4. Automation: Arguably the best part of the tool is its superpixel functionality. It can detect the edges of objects with extremely high accuracy and that makes semantic and instance segmentation faster than with any other tool. The only problem is that if the boundaries between the object and the background are not clear, it ends up taking more time to play around with the segments than doing the actual work. There is an important pre-labeling functionality underway which will allow users to use one of Superannotate’s models or eventually their own (currently only available for COCO). Otherwise, users can just upload their own pre-generated annotations together with the images. 
semantic segmentation of a photo of a girl
Segmentation of a more complicated image
bounding boxes of an image of a crowd
Automatic bounding box detection

Picsellia is the brainchild of two French engineers who studied at ENS and set out to create a tool which would optimize the manual annotation process and make it 10 times faster. Their business model is quite different from the usual one that annotation tools use (priced per API call) and we can’t wait to see the updates that they have in store for further improvements of label prediction!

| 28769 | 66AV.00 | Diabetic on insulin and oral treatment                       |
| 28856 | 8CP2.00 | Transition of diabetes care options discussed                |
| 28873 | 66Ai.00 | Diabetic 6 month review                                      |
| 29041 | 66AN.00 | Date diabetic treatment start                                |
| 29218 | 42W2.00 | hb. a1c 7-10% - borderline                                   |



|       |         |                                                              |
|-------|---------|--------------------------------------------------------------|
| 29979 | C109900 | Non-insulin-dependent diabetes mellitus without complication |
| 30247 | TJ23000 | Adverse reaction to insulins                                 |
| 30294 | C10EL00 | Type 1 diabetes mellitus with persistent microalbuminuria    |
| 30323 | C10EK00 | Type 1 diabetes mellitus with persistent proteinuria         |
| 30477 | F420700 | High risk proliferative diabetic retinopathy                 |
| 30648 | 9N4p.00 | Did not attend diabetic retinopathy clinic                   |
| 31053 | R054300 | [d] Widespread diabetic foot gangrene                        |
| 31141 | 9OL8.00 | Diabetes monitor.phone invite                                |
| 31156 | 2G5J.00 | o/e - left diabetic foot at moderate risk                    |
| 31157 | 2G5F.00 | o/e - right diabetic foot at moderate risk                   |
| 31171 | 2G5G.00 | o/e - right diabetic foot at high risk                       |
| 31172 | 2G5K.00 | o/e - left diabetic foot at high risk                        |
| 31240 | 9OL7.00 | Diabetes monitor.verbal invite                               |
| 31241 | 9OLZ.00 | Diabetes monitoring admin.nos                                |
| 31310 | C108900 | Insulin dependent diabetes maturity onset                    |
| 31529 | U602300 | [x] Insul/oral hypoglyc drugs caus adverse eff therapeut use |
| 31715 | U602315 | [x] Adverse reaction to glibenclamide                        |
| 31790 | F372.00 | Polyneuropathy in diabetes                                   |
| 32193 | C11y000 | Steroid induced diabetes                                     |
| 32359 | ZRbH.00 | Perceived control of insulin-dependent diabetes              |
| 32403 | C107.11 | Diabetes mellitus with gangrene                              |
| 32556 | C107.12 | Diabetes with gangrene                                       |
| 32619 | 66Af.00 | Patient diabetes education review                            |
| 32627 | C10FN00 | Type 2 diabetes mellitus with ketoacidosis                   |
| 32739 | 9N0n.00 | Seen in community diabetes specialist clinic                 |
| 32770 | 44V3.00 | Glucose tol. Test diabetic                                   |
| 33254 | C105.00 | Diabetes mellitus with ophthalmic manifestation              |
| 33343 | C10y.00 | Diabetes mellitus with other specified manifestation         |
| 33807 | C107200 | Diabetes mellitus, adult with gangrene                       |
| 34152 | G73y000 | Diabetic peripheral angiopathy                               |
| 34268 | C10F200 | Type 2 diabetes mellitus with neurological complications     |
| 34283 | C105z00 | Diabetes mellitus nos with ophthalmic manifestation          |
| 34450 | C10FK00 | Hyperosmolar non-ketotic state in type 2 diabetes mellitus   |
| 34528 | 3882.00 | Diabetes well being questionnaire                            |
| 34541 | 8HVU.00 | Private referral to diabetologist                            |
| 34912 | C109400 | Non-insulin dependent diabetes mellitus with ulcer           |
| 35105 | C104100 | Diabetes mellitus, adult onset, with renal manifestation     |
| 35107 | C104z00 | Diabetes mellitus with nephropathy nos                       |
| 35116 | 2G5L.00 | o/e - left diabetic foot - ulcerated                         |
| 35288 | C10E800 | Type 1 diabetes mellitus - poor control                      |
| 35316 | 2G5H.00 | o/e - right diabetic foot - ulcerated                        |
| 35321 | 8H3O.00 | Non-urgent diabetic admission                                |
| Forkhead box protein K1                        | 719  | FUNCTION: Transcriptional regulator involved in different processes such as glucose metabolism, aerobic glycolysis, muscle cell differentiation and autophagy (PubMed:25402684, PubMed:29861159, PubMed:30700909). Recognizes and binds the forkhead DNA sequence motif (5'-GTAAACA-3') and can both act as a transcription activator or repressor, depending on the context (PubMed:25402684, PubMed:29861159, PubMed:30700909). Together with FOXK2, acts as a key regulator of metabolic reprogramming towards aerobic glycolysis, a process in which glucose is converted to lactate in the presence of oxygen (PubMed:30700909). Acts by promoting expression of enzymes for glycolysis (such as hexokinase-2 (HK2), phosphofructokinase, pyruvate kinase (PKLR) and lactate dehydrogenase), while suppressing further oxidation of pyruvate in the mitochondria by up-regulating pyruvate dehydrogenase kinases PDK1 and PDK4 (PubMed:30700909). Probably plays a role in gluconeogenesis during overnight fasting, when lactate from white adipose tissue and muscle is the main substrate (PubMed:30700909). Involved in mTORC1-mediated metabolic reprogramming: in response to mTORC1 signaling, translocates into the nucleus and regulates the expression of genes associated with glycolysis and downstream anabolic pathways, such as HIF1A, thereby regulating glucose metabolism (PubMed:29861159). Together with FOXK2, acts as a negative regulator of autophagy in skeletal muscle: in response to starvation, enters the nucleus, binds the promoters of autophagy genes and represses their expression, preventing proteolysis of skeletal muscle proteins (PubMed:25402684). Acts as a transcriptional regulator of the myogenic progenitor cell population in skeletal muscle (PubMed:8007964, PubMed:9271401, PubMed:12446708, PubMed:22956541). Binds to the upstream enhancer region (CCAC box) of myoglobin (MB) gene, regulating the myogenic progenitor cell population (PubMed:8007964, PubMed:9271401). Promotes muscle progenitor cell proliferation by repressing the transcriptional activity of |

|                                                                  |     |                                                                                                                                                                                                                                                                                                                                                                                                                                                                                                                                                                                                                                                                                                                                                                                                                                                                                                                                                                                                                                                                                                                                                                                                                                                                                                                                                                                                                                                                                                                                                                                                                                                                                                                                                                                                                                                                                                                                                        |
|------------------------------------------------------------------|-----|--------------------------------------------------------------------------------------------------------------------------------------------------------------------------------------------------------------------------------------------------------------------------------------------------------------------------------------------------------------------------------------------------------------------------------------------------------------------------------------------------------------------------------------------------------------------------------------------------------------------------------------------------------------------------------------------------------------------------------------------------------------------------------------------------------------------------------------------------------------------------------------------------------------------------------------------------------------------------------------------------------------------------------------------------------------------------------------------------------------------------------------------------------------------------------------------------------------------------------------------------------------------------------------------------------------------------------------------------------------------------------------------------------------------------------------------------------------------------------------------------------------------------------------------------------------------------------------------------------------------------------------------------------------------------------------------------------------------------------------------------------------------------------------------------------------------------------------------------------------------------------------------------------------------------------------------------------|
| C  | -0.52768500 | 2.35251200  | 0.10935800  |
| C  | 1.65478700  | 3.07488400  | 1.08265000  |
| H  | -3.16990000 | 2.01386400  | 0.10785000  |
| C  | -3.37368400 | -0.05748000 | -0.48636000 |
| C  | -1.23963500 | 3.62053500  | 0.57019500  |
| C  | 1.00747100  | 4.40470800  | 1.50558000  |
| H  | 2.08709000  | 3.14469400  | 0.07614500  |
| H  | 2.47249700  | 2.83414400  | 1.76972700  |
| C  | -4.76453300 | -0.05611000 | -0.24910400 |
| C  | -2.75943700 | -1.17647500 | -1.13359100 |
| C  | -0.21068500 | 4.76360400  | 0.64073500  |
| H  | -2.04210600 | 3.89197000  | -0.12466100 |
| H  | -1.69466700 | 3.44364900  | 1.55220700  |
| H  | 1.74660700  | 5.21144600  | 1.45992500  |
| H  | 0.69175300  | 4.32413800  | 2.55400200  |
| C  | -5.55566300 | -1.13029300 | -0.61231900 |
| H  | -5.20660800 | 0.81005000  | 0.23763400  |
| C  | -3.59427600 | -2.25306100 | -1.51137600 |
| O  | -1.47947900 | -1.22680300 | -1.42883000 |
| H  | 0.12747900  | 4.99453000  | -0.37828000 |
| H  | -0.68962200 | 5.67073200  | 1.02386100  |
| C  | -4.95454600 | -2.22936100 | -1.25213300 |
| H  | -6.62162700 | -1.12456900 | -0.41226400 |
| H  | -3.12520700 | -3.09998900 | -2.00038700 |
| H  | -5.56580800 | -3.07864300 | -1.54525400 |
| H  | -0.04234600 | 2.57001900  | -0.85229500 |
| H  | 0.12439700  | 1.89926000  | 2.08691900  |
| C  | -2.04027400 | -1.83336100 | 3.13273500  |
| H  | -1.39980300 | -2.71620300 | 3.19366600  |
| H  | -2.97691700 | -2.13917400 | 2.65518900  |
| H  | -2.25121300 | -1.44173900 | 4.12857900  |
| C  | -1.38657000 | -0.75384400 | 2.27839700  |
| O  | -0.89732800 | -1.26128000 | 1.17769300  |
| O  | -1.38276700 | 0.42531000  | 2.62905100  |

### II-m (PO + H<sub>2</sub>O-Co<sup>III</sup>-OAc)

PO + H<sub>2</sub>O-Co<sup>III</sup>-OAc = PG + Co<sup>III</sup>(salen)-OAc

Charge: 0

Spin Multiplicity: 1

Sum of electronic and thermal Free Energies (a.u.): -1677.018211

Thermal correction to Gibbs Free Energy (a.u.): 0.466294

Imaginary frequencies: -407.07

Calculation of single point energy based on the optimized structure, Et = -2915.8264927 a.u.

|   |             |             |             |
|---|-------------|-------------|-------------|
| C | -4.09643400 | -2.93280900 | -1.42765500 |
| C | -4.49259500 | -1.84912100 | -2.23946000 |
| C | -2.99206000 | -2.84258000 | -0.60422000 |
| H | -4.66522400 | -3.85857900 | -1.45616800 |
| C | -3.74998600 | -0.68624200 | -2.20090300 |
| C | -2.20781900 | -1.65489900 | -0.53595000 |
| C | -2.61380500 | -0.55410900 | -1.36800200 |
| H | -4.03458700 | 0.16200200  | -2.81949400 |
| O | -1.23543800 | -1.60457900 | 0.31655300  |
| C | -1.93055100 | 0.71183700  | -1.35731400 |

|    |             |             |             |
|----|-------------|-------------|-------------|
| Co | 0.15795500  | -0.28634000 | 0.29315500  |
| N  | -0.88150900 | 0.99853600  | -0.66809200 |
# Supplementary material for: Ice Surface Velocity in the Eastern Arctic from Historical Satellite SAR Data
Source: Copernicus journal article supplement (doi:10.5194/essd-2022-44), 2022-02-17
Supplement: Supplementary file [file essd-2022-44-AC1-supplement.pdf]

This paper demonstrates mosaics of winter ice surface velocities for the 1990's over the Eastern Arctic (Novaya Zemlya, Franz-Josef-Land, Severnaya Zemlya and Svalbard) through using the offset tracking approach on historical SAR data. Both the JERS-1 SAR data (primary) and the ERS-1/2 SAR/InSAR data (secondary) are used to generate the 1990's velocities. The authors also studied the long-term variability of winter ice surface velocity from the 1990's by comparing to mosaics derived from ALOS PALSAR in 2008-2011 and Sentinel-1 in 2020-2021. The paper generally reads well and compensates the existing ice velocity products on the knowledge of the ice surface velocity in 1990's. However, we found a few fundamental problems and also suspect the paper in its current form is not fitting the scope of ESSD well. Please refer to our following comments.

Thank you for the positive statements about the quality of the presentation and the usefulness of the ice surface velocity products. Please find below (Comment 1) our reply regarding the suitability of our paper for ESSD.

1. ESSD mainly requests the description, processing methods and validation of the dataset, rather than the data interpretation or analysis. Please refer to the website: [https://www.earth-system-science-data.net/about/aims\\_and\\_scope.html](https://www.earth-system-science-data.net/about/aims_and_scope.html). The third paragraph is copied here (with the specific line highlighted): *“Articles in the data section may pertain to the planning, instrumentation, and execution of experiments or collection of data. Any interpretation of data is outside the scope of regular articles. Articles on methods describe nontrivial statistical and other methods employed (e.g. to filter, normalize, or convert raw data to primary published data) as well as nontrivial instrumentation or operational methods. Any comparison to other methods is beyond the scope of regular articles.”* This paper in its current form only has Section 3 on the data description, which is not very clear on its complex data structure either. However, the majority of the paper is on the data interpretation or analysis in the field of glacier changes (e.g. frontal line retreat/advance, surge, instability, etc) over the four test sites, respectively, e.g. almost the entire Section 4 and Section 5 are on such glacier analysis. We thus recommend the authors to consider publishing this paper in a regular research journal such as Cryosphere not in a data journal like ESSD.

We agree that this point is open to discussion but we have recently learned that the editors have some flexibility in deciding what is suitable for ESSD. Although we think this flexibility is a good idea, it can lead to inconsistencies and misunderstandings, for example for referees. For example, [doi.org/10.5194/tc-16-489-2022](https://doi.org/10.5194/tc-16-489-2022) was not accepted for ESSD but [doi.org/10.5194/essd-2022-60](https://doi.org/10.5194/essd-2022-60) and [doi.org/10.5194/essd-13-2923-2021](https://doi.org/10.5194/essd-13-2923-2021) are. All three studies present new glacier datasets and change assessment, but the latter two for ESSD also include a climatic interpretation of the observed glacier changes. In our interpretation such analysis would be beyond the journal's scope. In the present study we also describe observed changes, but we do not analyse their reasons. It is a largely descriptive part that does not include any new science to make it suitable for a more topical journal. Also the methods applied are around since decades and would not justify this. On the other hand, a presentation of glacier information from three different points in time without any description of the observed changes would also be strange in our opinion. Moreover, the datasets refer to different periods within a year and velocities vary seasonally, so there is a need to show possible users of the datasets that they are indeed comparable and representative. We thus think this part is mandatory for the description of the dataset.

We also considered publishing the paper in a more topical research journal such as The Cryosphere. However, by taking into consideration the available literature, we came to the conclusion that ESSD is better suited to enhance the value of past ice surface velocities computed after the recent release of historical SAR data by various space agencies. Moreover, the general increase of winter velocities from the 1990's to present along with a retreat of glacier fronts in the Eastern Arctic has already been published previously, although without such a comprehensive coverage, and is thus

1. Price: $100/month for the use of the platform. There is also a separate pricing for API calls (0.02€/call) for users who want to integrate smart tools in their own UI
  2. Functions: Supports vector annotations (boxes, polygons, points, and lines).  The data can be exported (either all annotations or just the approved ones) as a JSON file. The UI and design seem to have been borrowed entirely from Labelbox but that hopefully will take a life of their own once the platform develops.   
  3. Project management: The platform supports all basic operations and has a nice dashboard for monitoring activity on the labeling project. You can create users with different permissions, assign different labeling jobs to them, and review the annotations using a review panel. We are sure more nice features will be added soon!